Pushkar Camel Fair

People came for the Camels but stayed for the “Holy Dip” such is the dual nature of the Pushkar Camel fair.
Often described as a feast for the eyes, Pushkar fair is among India’s famous religious festivals and livestock fairs. Featured in numerous travel shows, films and magazines the Pushkar fair offers a once in a lifetime magical experience for travelers – looking for out of the world experience.
It’s an annual event that is a business fair and cultural extravaganza in equal measures. It is taking place in the small town of Rajasthan (India) Pushkar, 15 kms from Ajmer from 8th Nov, 2016 – 14th Nov, 2016. It is a weeklong celebration, concluding on the full moon day. This sleepy little town curved along the holy Pushkar lake lies at the edge of the vast Thar Desert. During the Mela, one can expect to see over thousands of dressed up and decorated camels racing, dancing and being traded. Hundreds of thousands of nomads and cattle arrive in the town for furious trading and partying before giving way to a splashy religious celebration at Pushkar’s holy lake. According to legends, Lord Brahma, believed to be the creator of the universe dropped a lotus to the ground leading to the immediate creation of a lake. He then decided to name the place after the flower, and thus the name, Pushkar. The city of Pushkar is home to the only temple dedicated to Lord Brahma in the whole world. Hindus consider a journey to pushkar to be the ultimate pilgrimage that must be undertaken to attain salvation.
Fair originally started to attract local cattle traders to do business has now also turned into one of India’s most famous tourist attraction.
If you want to see riveting color, resounding folk music, reverberating dance and laughter and the various sights, sounds and smells of Rajasthan, this is the perfect time for your resplendent Rajasthan trip. Did we mention it is the world’s largest camel and cattle fair?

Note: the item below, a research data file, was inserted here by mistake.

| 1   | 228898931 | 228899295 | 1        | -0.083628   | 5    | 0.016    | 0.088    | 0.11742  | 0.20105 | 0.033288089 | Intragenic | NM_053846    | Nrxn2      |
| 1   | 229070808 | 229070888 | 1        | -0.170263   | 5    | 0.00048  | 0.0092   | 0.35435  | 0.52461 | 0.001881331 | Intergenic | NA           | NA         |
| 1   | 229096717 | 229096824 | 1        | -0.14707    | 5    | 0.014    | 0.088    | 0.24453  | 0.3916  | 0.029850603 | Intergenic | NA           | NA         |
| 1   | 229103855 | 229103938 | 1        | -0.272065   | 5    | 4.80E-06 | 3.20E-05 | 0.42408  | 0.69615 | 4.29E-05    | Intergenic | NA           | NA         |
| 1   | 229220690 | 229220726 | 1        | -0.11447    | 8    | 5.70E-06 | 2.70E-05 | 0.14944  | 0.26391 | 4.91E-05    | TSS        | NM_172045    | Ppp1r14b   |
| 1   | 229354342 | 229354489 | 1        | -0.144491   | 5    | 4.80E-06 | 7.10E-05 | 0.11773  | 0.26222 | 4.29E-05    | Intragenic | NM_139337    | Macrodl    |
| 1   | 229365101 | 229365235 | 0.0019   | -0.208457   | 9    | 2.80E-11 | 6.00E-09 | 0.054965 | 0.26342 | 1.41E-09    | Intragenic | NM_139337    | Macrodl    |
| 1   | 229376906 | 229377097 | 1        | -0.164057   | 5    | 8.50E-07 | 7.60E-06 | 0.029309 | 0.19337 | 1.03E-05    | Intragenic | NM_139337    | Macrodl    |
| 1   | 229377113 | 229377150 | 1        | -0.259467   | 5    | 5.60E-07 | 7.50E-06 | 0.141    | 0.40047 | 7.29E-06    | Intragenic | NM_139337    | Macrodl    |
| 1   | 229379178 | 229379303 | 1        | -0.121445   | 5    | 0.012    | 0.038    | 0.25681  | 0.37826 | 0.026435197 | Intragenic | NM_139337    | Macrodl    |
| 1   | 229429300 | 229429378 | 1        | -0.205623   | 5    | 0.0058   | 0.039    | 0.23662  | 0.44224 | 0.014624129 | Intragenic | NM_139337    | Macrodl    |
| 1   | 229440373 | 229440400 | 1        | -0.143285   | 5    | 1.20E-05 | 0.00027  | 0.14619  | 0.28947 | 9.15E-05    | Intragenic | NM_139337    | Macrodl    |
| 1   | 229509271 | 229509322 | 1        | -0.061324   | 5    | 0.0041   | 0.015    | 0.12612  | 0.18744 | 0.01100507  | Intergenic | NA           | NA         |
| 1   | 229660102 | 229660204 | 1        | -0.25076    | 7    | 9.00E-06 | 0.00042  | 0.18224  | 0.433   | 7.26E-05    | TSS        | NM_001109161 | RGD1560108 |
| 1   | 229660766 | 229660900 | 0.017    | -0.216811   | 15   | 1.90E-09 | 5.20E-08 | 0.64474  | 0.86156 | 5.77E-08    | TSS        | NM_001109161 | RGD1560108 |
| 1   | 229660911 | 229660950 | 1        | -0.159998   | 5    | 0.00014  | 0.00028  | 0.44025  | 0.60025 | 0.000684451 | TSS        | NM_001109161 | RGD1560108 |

For the nomadic tribes of Rajasthan Desert, camels are crucial. A healthy one can transport goods, supplies and people across great distances under harsh condition, able to go long hours without water. They give milk, meat and clothes to their owners. Even their excrement is of great use as fuel for cooking in a region where wood is hard to find.
In addition to camel and cattle trading, there are races, camel polo matches, folk performances, puppet shows, best breed contest, bridal competition, moustache competition, acrobatics, body tattooing, turban tying contest, hot air balloon ride, horse dance competition, exquisite handicrafts for the shopaholics or seeing how many people can balance on a camel etc. A trip to the fair is not complete without sampling the classic Rajasthani cuisine on a Dhaba.
The most mesmerizing feature of this carnival is probably the eclectic mix of people that come from different walks of life like Pilgrims, god men, foreign tourists, local traders and tribes, folk musicians, dancers, astrologers, snake charmers, photographers, hippies, artists etc.

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